More Fed Stimulus Means More Failure
“Fed Weighs More Stimulus” read the banner headline at the top of page one of The Wall Street Journal (July 12), raising the question: How can Ben Bernanke and other central bankers who pretend they run national economies believe a new round of stimulus will succeed when multiple prior stimuli have failed?
Calling for more of what already has failed apparently has become a staple of U.S. economic policy.
Shortly after assuming the presidency, Barack Obama signed into law a “stimulus” spending program that eventually topped $800 billion. Employment and economic activity languished. A smaller “stimulus” spending program late in the George W. Bush presidency before Obama assumed office likewise failed.
Meanwhile, the Federal Reserve and other central banks have poured trillions of dollars into the economic system. Fiscal stimulus and central bank money-printing at best have had short-term impacts. This is why the government has tried multiple stimuli and the Fed has done QE1, QE2, Operation Twist 1, and Operation Twist 2. The effects wear off.
Fed money-printing and bailouts of failed banks, auto companies, government mortgage entities, etc. forcibly move huge sums of money from some parts of the economy to others. These measures prop up failed businesses and weaken formerly strong ones. Failed businesses survive but are weak, and formerly strong businesses are weakened. It averages out to mediocre at best.
Don’t believe me? How about believing Jaime Caruana, general manager of the Bank for International Settlements (BIS) in Basel, Switzerland, which serves central banks around the world. Last month he told Peter Nielsen of CentralBankNews, “Monetary policy cannot resolve the fundamental problems that hold back sustainable growth. The root causes of the crisis are structural and fiscal, and only structural and fiscal reforms can bring the global economy back to sustainable growth.”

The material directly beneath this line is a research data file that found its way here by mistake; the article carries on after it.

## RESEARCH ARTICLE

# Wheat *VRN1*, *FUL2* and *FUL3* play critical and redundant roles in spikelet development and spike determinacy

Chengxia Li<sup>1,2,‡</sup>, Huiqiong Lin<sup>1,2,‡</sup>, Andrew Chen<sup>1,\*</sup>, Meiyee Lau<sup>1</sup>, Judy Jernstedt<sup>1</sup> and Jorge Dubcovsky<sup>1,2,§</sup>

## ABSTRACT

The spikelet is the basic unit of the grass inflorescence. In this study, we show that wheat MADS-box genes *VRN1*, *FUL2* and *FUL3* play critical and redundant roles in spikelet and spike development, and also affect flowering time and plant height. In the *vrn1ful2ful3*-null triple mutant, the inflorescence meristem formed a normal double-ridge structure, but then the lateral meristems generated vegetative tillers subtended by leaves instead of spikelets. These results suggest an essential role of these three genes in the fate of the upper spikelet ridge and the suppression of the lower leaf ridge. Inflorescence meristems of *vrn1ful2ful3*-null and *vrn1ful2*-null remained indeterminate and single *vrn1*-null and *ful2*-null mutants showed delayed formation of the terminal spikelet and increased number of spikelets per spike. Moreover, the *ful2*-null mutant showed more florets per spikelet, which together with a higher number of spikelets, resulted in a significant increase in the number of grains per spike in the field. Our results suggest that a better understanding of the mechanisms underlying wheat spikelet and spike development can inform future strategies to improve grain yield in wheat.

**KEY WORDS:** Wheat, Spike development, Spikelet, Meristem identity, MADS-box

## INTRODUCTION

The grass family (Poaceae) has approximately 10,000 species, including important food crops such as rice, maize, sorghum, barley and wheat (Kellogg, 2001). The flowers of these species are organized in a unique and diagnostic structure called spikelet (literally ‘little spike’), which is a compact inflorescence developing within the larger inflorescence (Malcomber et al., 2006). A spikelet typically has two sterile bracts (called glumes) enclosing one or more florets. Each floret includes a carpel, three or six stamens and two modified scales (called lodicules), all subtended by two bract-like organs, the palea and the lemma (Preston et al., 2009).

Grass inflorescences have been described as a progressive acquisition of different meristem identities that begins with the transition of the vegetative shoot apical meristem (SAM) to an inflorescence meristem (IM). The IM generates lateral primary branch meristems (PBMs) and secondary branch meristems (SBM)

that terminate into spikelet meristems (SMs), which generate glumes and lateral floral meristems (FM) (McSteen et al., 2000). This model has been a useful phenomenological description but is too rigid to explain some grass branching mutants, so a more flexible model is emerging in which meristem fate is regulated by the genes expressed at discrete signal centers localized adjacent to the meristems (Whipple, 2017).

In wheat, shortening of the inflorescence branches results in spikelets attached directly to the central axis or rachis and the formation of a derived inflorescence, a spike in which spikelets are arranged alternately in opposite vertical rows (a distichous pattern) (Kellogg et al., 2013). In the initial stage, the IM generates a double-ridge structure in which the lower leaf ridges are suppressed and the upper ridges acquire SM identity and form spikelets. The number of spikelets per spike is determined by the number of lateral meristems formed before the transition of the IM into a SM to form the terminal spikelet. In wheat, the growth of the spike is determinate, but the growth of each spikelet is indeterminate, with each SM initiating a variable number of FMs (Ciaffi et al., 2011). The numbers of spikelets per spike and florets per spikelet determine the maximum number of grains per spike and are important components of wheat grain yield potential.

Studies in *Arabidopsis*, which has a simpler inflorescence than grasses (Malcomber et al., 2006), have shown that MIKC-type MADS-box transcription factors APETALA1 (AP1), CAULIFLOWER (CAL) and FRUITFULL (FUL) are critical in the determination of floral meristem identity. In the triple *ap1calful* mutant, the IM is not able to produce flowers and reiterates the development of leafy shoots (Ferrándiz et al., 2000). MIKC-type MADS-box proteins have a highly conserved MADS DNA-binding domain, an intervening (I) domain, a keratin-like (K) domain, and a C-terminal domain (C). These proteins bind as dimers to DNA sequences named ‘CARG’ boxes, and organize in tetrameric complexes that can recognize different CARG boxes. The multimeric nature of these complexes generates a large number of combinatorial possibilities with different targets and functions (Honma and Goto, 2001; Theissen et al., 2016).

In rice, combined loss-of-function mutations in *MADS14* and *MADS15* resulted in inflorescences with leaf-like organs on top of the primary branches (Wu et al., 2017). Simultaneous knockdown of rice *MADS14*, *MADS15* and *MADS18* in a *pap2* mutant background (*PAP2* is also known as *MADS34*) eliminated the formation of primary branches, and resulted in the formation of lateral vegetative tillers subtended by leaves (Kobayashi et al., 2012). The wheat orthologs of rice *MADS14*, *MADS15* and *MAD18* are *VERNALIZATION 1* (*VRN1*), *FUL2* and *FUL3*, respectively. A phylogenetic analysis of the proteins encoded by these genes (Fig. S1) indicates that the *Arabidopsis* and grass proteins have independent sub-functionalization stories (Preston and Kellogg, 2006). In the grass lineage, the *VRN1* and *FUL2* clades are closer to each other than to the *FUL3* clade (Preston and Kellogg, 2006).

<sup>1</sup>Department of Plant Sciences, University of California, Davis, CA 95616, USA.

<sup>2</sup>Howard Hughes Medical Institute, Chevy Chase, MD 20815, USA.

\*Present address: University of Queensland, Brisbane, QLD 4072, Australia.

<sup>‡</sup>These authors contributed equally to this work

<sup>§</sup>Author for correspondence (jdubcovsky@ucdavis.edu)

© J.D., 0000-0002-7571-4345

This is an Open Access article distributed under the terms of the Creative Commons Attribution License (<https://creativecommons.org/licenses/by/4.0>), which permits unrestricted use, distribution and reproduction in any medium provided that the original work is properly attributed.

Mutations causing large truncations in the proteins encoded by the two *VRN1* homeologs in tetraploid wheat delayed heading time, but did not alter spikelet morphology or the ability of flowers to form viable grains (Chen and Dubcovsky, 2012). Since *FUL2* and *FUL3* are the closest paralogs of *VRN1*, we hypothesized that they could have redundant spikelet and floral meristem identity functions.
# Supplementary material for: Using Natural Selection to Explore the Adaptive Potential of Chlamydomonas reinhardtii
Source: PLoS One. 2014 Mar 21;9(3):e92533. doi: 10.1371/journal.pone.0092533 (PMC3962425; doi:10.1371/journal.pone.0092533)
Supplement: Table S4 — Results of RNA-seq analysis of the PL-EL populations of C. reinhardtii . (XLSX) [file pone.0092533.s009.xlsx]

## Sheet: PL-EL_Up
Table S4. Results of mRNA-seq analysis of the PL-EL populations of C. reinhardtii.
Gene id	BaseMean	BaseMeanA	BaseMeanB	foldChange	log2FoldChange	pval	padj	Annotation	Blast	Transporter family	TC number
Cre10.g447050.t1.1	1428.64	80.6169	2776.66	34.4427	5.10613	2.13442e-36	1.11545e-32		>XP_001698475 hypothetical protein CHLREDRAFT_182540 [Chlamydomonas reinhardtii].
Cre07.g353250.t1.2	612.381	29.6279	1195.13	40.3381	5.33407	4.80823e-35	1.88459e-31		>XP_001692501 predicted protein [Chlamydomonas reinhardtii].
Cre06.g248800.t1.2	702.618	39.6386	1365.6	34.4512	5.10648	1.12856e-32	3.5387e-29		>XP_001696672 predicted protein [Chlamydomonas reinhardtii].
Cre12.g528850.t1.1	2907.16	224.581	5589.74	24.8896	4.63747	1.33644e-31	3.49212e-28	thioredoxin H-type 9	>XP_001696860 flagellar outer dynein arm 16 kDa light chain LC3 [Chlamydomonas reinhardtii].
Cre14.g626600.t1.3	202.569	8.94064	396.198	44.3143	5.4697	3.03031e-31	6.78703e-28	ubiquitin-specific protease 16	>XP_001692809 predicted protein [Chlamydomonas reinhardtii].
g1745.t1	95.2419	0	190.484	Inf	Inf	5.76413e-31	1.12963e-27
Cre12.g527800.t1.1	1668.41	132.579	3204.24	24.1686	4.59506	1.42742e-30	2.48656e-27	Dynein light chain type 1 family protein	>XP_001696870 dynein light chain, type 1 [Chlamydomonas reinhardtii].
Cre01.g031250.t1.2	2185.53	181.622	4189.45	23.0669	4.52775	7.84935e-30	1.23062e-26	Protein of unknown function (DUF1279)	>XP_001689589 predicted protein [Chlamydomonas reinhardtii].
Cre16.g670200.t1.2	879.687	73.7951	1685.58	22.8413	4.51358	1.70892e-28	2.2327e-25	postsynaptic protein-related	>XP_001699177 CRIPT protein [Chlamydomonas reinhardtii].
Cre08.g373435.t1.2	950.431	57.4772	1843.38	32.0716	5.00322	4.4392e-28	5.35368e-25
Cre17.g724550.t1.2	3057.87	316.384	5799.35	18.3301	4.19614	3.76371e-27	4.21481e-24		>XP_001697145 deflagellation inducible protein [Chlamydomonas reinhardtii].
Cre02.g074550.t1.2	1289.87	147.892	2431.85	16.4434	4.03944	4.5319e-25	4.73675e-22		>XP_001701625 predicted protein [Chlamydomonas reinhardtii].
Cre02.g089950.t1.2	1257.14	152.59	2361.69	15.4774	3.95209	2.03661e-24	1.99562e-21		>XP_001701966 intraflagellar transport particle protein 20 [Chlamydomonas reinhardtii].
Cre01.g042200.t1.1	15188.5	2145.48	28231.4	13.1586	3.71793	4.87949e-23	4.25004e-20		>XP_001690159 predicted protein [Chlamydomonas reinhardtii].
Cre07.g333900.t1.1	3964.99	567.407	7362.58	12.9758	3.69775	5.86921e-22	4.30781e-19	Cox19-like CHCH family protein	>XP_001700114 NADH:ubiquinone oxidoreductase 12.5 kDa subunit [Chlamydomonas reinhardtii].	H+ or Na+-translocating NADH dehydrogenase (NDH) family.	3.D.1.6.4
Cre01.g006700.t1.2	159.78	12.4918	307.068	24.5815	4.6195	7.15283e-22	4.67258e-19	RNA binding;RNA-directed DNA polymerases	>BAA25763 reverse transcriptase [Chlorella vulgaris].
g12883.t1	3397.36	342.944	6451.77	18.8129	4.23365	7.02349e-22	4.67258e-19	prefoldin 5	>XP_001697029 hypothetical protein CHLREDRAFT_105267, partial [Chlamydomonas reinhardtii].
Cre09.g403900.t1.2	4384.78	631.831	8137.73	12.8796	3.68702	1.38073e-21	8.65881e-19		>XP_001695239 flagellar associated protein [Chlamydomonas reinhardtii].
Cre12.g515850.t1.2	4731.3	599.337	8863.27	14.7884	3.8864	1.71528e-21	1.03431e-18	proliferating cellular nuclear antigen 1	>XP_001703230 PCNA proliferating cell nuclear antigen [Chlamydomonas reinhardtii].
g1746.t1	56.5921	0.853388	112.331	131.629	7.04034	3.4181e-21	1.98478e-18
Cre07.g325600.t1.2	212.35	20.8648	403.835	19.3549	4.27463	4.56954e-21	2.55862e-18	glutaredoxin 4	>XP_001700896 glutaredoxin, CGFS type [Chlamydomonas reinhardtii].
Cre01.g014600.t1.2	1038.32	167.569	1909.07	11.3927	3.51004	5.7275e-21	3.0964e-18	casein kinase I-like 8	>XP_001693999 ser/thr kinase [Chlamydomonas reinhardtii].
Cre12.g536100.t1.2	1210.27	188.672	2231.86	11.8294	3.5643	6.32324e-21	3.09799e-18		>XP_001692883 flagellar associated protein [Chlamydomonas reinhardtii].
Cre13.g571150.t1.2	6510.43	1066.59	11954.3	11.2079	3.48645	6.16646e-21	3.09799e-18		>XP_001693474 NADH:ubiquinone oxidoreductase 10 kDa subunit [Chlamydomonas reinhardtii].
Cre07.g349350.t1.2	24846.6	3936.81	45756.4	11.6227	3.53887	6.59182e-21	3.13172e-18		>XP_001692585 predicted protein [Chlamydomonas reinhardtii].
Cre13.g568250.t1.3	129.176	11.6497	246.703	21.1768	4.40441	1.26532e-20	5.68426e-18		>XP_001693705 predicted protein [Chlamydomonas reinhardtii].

Governments could start by allowing failed companies to fail. Healthy banks could have bought good assets from failed banks on the cheap, making those healthy banks stronger. Instead, the failed banks have been propped up and declared too big to fail, giving them unfair advantages over smaller banks that could be allowed to fail. Dodd-Frank financial regulation makes things even tougher on small banks.
Chrysler and General Motors should have gone out of business. Good assets from those companies would have been purchased by other automakers, or entirely new automakers might have appeared. This nation used to have a “Big Four” automaker, American Motors Corp., which was itself a combination of several other automakers.
AMC in the 1980s went out of business. But a big part of AMC did not go away. AMC built the Jeep line of vehicles, and Chrysler bought the Jeep line, which is a big reason Chrysler survived its own bailout in the 1980s. We no doubt would have seen something similar happen with the Chrysler and GM lines if they had been allowed to fail several years ago.
This is an important point: We already had evidence that bailouts fail. Is the government every 25 years or so to pour billions of dollars into Chrysler to keep the company going? If we had to bail out Chrysler in the 1980s and again in the 2000s, the first bailout was a failure. The government doubled down on failure by rescuing Chrysler and GM, wasting resources that could have been put to better use.
The Federal Reserve and government officials keep telling us we need more spending to boost the economy. They’re wrong: We need more savings and investment.
Savings and investment provide the capital for new machines, technologies, and ideas that provide jobs so people have money to spend. Apple did not become a successful company with thousands of employees because people demanded personal computers, iPads, and other Apple gadgets. Those gadgets did not exist until men and women with vision created them by using money from savings and investment.
Without people saving money to provide investment capital, there’d be no Apple. There’d be no economy.
Until central bankers and people in government understand these things and act on them, we can expect continued economic weakness.
Steve Stanek (firstname.lastname@example.org) is a research fellow at The Heartland Institute in Chicago.